Since it began negotiations in early 2015, the voice actors’ SAG-AFTRA union has been demanding better baseline and secondary compensation (including the potential for residual payments on the highest-grossing games) and job transparency, among other requests. The union instructed its members to strike following what it called an unsuccessful last attempt at an agreement with video game studios on October 21st.
Last weekend, after over 300 union members and allies conducted a picketing event outside of Electronic Arts’ headquarters in Playa Vista, California, representatives for the game studio coalition created a website and Twitter account seemingly named to imply it was SAG-AFTRA-supported. The website provides the companies’ version of negotiation events and insists that its proposed “structure for Additional Compensation is so close to what SAG-AFTRA is demanding monetarily that [it] believe[s] most performers would conclude the differences are not worth striking over,” though reading between the lines makes clear the studios continued to reject the parts of the proposal that would entitle some actors to payments akin to royalties based on elite games’ performance.
The union’s lawyers demanded the studios remove the website earlier this week on the grounds that it was deceptive and infringed trademarked union names, though the video game companies have not yet done so as of press time today. On Halloween, SAG-AFTRA prepared an FAQ to re-assert its position and rebut the studios’ accusation that union leadership rejected a fair deal without adequately informing its membership of the offer on the table.
“Our members expect that when the negotiating committee submits a contract to them for ratification, it’s because the committee that bargained it and the National Board both recommend ratification,” union reps say. “In this case, no one is recommending this deal. Our members supported a strike authorization over these issues by a nearly 97-percent margin.”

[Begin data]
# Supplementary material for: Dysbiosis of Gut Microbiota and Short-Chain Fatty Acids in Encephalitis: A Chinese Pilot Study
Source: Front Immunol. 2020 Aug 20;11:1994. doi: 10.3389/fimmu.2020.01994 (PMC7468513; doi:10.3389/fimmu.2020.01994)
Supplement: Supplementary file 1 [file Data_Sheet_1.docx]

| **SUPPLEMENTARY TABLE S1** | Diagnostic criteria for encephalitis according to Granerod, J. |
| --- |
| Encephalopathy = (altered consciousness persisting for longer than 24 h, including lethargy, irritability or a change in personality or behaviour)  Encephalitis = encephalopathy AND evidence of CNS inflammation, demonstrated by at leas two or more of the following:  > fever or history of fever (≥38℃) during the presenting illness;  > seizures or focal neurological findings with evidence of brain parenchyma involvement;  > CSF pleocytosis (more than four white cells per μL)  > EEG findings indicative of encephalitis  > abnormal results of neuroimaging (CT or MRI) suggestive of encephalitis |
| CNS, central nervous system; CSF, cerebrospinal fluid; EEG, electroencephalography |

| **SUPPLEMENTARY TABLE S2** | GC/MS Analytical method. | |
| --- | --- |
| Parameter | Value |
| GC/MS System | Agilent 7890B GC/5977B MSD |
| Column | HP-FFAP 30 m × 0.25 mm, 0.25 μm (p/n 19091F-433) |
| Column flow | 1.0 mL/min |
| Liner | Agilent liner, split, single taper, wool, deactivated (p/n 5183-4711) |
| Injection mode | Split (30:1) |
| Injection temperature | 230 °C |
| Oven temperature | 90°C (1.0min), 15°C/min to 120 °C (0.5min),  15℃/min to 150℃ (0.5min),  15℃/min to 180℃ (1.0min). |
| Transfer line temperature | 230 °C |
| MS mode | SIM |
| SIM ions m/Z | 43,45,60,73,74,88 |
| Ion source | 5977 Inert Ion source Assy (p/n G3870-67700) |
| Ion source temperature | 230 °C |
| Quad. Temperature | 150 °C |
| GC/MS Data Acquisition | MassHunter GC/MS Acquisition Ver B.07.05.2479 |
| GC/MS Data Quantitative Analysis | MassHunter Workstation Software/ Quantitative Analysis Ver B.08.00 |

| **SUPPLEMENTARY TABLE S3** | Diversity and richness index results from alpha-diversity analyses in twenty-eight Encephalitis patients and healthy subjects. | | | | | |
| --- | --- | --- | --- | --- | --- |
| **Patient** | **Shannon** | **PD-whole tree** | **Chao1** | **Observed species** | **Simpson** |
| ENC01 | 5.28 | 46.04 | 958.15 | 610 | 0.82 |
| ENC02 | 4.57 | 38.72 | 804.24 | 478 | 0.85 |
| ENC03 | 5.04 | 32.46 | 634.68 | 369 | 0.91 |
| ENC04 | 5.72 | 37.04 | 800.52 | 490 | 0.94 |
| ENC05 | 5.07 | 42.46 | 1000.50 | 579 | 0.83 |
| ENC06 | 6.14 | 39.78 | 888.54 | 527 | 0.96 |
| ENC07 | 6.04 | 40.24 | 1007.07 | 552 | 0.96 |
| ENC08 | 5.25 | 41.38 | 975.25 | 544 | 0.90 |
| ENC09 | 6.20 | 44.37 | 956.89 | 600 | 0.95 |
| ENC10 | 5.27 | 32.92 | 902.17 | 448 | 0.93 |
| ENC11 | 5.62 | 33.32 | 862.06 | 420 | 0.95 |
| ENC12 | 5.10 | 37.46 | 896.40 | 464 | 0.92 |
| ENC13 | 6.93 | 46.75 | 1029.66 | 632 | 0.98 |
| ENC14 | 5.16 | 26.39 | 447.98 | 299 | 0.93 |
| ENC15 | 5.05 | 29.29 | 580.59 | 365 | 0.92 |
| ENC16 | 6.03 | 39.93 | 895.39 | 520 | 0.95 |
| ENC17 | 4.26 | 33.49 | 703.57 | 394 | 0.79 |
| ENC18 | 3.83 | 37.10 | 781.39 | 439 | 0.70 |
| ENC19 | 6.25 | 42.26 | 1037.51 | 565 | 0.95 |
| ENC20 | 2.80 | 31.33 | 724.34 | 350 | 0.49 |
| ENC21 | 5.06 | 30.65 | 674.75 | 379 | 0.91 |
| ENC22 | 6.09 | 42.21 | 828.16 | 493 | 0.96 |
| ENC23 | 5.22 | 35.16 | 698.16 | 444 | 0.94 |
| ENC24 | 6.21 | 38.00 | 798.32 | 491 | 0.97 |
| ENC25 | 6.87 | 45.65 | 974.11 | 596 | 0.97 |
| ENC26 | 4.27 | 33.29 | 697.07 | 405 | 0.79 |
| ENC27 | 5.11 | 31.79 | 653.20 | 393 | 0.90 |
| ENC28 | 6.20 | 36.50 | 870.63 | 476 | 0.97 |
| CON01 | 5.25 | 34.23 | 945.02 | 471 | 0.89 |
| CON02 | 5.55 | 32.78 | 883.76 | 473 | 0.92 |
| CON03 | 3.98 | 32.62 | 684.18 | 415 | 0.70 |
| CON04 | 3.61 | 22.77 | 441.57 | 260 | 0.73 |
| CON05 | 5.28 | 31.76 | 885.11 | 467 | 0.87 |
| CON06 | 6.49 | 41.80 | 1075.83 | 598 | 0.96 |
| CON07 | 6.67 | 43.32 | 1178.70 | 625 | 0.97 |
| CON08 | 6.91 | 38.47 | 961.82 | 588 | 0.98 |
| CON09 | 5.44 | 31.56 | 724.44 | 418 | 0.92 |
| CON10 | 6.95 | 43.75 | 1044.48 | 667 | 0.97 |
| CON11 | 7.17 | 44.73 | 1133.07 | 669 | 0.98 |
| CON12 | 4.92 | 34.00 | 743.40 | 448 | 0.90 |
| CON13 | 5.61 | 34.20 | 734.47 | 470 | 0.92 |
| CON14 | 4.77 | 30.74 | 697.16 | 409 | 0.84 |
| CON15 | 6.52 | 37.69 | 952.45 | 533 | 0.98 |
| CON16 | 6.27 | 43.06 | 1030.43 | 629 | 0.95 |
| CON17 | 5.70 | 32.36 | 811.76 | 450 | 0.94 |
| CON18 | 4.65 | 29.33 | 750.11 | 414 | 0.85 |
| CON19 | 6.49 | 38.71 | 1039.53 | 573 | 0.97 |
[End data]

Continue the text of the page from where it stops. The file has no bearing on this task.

SAG-AFTRA also disputes game company lawyers’ claim that residual payments aren’t done in the gaming industry.
“Take2 Interactive, for example, reported that it paid about $270 million in internal royalties in their most recent quarterly filing with the SEC. We also know from speaking to developers that many if not most video game corporations pay bonuses based on the success of the company. What we have proposed is really no different as applied to freelance workers — we want bonus payments for performers working on the most successful games. [… The studios] appear to be concerned that if they are seen to compromise with one group of employees, other groups of their employees might get ideas. This is not an industry with the best track record of labor practices. They have a long documented history of overworking their employees to the point of damaging their physical and emotional health. Our performers are at the vanguard of demanding better treatment, but they are surely not the only video game employees in need of it.”
— SAG-AFTRA (@sagaftra) November 2, 2016